Over time, Pierre-Yves Oudeyer's ‘playground’ has expanded considerably. As a result, part of Flowers team is now involved in the emerging field of developmental robotics, through the development of machines capable of learning repertoires of tasks more autonomously by applying the concept of ‘artificial curiosity’. The central idea is to overcome one of the main pitfalls of artificial intelligence as it stands currently, which lies in a hyperspecialisation of skills and a lack of flexibility. “Today, even the most powerful machine learning systems have very limited capacities! As such, AlphaGo would have no chance at all against a 5-year-old without the intervention of an engineer. An engineer would need to thoroughly reprogram parts of it so that it could incorporate the rules and objective of the game! We are working on designing machines that are capable of creating their own objectives and learning how to achieve them autonomously by generating their own intrinsic rewards. ” And the first results speak for themselves: two years ago, Flowers reached second place in the Demonstration Awards at the Neural Information Processing Systems (NIPS) Conference with their robot Poppy Torso, which can set its own goals, organise its own learning and control the complexity of the tasks it performs. “We are currently applying these same principles to a project in the field of biophysics, enabling machines to automate the discovery of new biophysical structures.”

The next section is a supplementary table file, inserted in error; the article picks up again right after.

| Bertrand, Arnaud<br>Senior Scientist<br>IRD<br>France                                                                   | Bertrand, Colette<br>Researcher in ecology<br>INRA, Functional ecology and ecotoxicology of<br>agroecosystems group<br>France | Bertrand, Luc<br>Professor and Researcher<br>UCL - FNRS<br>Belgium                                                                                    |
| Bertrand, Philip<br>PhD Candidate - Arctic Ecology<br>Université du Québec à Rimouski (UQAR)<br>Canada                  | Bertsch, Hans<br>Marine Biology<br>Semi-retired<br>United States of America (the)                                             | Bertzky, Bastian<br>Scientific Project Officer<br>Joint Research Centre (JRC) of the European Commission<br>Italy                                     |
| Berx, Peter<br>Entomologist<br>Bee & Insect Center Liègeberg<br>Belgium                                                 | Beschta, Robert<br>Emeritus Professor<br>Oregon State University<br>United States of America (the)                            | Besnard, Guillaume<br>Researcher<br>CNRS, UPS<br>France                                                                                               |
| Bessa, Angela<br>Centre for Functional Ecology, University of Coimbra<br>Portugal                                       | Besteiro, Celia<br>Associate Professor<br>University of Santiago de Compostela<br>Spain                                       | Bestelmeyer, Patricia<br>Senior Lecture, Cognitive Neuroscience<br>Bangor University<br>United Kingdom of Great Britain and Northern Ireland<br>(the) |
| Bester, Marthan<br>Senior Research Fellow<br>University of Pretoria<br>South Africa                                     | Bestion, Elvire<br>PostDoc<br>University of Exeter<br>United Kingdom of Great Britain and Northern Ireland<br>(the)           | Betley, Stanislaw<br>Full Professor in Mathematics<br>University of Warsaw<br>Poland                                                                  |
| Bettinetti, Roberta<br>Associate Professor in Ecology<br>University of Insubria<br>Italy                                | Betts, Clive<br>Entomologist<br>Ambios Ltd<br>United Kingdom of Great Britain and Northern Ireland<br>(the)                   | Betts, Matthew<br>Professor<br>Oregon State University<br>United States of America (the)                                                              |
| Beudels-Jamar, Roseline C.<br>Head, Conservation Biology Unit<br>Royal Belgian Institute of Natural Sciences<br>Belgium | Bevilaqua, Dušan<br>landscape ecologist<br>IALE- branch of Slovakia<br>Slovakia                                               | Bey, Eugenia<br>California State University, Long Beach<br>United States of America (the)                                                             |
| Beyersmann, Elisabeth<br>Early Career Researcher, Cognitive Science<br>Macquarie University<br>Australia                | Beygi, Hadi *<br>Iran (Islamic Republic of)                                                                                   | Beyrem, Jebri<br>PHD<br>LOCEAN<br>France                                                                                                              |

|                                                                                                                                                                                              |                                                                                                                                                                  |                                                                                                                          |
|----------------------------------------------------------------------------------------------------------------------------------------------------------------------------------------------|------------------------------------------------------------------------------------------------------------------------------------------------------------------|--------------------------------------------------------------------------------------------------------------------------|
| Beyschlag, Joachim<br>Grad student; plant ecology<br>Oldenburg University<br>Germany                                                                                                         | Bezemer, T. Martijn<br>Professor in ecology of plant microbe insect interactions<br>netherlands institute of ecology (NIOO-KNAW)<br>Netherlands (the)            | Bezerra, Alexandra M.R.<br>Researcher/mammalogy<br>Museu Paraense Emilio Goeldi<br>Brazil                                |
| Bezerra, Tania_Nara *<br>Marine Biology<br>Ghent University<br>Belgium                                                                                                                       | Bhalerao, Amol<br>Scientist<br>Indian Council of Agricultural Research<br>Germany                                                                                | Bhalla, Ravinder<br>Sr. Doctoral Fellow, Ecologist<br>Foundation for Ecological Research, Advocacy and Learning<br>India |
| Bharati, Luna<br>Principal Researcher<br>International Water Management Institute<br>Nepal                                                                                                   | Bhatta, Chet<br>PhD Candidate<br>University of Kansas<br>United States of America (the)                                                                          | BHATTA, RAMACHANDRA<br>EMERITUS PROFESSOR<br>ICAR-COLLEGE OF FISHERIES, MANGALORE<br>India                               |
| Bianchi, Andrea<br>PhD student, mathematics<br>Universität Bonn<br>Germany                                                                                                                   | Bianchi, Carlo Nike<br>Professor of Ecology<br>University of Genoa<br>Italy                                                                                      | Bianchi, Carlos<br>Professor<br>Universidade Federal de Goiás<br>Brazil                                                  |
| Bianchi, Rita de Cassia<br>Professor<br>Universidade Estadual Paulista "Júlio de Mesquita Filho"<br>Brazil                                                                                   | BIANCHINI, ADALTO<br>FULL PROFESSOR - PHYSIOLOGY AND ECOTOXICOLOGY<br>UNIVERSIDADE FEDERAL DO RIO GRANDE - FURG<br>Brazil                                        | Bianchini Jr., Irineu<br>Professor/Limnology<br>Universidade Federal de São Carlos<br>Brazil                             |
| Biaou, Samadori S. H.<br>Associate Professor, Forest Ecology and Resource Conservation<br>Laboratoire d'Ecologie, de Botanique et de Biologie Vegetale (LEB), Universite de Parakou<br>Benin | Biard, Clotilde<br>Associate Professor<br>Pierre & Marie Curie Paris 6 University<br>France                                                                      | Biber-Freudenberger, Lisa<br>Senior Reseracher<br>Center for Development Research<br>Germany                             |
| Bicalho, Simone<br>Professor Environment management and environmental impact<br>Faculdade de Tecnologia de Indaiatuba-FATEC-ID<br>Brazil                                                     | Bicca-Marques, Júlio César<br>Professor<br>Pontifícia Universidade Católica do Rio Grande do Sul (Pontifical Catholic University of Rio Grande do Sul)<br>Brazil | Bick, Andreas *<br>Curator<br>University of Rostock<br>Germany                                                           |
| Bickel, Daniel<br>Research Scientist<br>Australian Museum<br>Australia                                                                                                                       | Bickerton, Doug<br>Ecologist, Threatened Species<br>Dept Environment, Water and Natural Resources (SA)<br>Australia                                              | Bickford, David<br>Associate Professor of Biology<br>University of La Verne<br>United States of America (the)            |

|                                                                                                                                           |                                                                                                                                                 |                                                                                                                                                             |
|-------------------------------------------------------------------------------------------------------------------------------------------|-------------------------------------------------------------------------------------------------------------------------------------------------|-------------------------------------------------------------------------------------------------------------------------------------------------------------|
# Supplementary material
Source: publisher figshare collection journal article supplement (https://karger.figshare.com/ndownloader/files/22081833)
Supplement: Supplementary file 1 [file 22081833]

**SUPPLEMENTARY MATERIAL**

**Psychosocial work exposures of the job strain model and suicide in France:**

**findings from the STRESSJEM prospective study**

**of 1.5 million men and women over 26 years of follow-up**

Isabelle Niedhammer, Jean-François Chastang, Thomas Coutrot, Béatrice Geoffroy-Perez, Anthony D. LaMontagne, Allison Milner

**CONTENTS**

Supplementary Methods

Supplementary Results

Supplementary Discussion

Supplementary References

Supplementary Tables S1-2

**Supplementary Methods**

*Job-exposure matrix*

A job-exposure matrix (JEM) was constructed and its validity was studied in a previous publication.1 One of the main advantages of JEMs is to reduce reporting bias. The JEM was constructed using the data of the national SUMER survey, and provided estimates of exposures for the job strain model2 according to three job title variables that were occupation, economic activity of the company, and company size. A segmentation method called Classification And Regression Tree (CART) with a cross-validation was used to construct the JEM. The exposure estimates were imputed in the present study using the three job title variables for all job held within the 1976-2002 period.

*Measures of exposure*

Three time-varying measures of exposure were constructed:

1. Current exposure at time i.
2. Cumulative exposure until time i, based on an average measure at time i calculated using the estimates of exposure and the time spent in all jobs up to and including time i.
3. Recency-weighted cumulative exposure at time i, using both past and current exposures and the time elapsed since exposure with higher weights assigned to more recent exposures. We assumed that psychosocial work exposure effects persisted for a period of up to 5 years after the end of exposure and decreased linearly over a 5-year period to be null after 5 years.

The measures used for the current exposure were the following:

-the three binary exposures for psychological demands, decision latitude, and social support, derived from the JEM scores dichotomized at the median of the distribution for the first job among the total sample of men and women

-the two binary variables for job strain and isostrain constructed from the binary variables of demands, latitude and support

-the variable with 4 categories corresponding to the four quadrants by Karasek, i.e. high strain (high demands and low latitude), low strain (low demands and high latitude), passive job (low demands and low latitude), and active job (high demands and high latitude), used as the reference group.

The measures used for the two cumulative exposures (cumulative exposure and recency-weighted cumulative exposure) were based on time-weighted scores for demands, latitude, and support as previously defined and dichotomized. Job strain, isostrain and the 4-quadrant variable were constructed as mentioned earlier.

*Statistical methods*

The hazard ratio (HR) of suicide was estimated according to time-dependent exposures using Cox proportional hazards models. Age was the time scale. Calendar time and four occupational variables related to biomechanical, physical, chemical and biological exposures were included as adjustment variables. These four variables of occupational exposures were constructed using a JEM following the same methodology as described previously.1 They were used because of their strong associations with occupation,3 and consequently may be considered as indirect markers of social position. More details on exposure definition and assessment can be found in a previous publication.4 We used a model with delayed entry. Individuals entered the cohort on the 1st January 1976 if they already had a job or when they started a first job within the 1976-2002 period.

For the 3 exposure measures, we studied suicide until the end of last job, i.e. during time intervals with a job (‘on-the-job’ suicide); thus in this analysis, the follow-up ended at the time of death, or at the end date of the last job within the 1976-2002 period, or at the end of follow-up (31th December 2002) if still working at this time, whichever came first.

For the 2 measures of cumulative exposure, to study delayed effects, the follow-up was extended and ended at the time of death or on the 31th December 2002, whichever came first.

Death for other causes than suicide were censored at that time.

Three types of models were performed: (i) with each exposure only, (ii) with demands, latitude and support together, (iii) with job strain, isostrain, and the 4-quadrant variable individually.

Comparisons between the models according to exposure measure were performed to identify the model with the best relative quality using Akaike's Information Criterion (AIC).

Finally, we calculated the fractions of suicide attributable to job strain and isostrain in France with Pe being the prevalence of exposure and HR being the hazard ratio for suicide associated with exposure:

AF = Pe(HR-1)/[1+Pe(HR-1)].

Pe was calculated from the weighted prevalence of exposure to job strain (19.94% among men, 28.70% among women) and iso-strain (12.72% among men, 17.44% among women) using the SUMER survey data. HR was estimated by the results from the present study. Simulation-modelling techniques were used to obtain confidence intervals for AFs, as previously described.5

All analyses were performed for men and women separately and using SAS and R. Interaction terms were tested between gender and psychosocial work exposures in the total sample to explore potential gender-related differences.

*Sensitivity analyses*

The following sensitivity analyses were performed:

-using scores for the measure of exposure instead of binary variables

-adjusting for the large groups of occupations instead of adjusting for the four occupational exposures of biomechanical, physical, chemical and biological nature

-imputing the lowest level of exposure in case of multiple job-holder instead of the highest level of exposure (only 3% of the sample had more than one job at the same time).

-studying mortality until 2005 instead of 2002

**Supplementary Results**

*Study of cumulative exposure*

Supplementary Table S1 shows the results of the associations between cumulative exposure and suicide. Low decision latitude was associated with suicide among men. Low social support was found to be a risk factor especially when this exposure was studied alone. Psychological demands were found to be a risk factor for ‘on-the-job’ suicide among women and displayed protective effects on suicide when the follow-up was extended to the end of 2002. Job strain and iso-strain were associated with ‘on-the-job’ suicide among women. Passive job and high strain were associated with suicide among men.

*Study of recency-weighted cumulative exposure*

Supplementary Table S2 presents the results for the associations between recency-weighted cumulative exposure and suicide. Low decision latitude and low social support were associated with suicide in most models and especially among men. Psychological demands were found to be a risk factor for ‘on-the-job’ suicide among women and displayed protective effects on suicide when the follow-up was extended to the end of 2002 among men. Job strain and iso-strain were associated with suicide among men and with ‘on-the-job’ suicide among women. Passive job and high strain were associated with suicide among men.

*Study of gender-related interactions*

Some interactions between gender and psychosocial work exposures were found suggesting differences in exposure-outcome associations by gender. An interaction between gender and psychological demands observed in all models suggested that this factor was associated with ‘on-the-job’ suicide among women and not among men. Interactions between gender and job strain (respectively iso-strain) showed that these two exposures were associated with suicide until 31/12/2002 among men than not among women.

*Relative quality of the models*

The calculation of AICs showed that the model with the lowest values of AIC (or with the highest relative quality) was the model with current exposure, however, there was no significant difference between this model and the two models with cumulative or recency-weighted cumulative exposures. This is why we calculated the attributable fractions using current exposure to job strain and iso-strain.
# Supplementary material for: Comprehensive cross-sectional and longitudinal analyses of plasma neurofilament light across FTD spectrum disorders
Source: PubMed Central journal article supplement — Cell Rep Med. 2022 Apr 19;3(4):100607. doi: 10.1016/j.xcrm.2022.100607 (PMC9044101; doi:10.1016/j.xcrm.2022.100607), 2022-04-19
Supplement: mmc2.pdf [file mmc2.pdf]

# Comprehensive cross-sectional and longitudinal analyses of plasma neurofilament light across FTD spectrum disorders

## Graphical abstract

From humans to machines... and back to humans

For several years, Pierre-Yves Oudeyer's team has been involved in a third field of activity that aims to combine artificial intelligence and intrinsic motivation to serve human learning. With projects such as KidLearn currently being tested in primary schools in Nouvelle Aquitaine on over 1,000 children, Flowers team members are endeavouring to develop truly stimulating educational applications that could offer bespoke, scalable exercises in order to continuously optimise children’s progress and make them increasingly curious and ‘efficient’, without however depriving them of their own flexibility. “The research has been well received in the world of education and we are creating a project with a consortium of companies to conduct large-scale experiments.

At a crossroads

Looking back over his young career, Pierre-Yves Oudeyer is proud of the projects he has accomplished – but also, and above all, of having contributed to bringing together two worlds that coexisted without really meeting. “In my early days at the CSL, the idea of developing research projects at the interface between cognitive and digital science was still unusual. Similarly, when I arrived at Inria and started talking about algorithms for human learning and the possibility of modelling intrinsic motivation mechanisms using machine learning techniques, the subject was far from straight-forward. But today, through efforts in education and outreach within the two fields, truly interdisciplinary approaches are more and more common and fluent. This is a major step forward and I hope to continue to nurture this dynamic.

Keywords: Inria Awards Pierre-Yves Oudeyer AI Young researcher award Machine learning Artificial intelligence